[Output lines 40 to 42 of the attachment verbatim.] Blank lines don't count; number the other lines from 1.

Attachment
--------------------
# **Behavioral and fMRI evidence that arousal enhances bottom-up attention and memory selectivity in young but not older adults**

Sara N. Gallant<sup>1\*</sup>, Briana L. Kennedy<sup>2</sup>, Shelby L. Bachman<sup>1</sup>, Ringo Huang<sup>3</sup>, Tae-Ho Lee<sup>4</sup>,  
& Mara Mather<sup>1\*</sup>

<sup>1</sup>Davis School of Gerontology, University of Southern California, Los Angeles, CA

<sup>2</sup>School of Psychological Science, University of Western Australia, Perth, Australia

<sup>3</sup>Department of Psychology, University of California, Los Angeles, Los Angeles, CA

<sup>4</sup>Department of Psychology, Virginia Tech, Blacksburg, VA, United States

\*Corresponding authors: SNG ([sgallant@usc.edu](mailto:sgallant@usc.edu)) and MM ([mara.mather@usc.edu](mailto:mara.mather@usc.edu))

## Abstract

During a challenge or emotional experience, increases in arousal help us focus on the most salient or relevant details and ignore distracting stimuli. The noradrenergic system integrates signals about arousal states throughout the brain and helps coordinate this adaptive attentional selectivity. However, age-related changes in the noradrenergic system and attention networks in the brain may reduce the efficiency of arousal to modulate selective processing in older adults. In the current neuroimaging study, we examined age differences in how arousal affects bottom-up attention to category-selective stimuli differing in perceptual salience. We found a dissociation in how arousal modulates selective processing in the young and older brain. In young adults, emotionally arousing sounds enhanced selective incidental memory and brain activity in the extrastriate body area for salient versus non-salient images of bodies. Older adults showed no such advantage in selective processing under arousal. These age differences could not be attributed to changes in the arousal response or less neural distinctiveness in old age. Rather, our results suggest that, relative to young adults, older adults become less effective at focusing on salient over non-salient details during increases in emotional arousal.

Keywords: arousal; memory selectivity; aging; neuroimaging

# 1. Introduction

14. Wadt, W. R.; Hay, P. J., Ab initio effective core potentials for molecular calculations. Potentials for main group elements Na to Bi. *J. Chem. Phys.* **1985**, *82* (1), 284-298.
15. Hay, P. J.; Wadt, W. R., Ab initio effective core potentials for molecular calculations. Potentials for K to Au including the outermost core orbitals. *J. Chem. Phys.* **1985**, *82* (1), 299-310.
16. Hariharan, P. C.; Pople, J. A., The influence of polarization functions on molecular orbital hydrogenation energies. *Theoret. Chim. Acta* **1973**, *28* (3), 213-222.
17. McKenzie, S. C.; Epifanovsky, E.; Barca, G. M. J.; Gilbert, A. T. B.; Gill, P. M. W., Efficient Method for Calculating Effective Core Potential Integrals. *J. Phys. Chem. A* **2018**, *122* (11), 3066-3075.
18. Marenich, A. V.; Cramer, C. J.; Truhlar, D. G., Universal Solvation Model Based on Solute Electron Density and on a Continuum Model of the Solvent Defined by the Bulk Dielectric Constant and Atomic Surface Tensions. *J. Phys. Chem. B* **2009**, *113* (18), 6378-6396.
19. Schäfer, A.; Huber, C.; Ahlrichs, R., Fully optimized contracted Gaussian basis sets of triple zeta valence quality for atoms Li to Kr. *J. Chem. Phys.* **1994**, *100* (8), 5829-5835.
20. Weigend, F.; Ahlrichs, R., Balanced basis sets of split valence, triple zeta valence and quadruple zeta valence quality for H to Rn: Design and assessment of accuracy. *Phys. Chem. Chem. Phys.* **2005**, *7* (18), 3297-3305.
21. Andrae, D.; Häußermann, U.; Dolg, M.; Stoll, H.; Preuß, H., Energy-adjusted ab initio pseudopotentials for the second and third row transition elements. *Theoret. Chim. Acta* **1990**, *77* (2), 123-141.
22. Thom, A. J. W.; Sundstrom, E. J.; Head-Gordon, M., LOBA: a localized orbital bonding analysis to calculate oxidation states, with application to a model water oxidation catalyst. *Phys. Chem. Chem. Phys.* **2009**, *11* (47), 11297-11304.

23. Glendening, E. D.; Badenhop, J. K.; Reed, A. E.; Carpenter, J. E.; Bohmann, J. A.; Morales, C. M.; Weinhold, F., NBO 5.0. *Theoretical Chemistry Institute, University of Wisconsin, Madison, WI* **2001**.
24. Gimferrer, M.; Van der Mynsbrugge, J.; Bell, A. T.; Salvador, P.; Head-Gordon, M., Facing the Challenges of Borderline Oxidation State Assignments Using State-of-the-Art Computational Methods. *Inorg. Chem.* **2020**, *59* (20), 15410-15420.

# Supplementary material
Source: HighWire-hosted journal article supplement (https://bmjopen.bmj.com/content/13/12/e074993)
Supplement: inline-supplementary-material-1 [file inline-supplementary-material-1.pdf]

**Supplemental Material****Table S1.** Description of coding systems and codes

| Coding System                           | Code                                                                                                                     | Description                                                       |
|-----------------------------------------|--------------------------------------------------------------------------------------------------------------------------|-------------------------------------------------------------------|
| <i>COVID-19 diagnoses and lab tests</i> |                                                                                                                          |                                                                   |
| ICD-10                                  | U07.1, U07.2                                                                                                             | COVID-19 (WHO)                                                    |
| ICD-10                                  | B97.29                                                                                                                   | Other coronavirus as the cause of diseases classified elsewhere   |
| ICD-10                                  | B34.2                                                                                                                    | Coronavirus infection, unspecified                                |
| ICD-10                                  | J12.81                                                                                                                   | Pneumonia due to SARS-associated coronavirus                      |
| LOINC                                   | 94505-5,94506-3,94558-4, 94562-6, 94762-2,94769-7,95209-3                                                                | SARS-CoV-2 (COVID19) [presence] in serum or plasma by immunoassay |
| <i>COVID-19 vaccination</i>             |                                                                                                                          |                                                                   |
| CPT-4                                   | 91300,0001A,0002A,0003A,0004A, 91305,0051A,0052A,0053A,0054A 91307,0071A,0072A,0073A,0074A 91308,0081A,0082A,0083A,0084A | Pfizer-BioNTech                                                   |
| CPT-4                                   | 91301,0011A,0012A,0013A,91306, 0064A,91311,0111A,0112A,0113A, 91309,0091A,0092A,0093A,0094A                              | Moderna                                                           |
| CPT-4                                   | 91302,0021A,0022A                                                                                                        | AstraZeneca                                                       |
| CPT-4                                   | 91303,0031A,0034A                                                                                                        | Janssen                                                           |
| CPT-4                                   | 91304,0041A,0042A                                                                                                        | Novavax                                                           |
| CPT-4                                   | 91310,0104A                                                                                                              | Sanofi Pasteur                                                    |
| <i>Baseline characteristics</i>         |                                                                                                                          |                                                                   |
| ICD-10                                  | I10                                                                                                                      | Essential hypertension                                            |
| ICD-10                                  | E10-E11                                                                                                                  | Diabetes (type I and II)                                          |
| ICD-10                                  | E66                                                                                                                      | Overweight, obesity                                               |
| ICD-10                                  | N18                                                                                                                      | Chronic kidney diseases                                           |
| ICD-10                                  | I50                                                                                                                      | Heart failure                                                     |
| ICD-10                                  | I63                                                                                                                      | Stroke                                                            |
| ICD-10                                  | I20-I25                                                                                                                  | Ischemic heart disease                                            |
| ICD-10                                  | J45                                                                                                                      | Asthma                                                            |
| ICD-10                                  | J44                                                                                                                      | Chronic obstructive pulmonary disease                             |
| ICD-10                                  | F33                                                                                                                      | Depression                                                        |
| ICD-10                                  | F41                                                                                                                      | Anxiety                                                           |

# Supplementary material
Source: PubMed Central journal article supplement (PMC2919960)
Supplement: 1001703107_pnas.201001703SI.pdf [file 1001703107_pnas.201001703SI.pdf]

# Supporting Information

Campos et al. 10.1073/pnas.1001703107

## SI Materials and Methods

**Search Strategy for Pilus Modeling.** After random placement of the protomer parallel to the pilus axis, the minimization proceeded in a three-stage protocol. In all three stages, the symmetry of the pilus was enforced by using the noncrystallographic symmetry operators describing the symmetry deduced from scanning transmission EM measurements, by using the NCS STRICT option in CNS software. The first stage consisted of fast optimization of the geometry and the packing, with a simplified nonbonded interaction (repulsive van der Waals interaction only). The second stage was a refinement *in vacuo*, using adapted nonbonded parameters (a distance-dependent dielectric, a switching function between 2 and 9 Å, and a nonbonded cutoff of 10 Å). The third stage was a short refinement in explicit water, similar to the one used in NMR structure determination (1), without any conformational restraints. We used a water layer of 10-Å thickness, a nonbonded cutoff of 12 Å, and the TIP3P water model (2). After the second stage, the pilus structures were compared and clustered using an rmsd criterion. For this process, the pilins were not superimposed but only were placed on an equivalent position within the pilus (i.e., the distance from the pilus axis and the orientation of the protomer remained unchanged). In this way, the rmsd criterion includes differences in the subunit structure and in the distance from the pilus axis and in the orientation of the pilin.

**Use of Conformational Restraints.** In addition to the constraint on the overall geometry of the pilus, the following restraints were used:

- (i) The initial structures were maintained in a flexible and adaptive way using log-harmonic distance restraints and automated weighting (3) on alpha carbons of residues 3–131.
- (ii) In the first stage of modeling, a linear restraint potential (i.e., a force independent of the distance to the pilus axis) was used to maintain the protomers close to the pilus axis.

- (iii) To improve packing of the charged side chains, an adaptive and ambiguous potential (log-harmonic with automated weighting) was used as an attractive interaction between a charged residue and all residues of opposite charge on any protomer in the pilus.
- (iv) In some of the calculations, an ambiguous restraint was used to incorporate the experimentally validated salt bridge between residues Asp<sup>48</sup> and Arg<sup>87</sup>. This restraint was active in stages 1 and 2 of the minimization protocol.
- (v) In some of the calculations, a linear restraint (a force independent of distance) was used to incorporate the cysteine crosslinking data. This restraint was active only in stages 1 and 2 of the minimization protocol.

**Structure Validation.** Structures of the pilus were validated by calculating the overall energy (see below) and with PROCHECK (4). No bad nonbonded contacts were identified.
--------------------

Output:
| CPT-4                                   | 91303,0031A,0034A                                                                                                        | Janssen                                                           |
| CPT-4                                   | 91304,0041A,0042A                                                                                                        | Novavax                                                           |
| CPT-4                                   | 91310,0104A                                                                                                              | Sanofi Pasteur                                                    |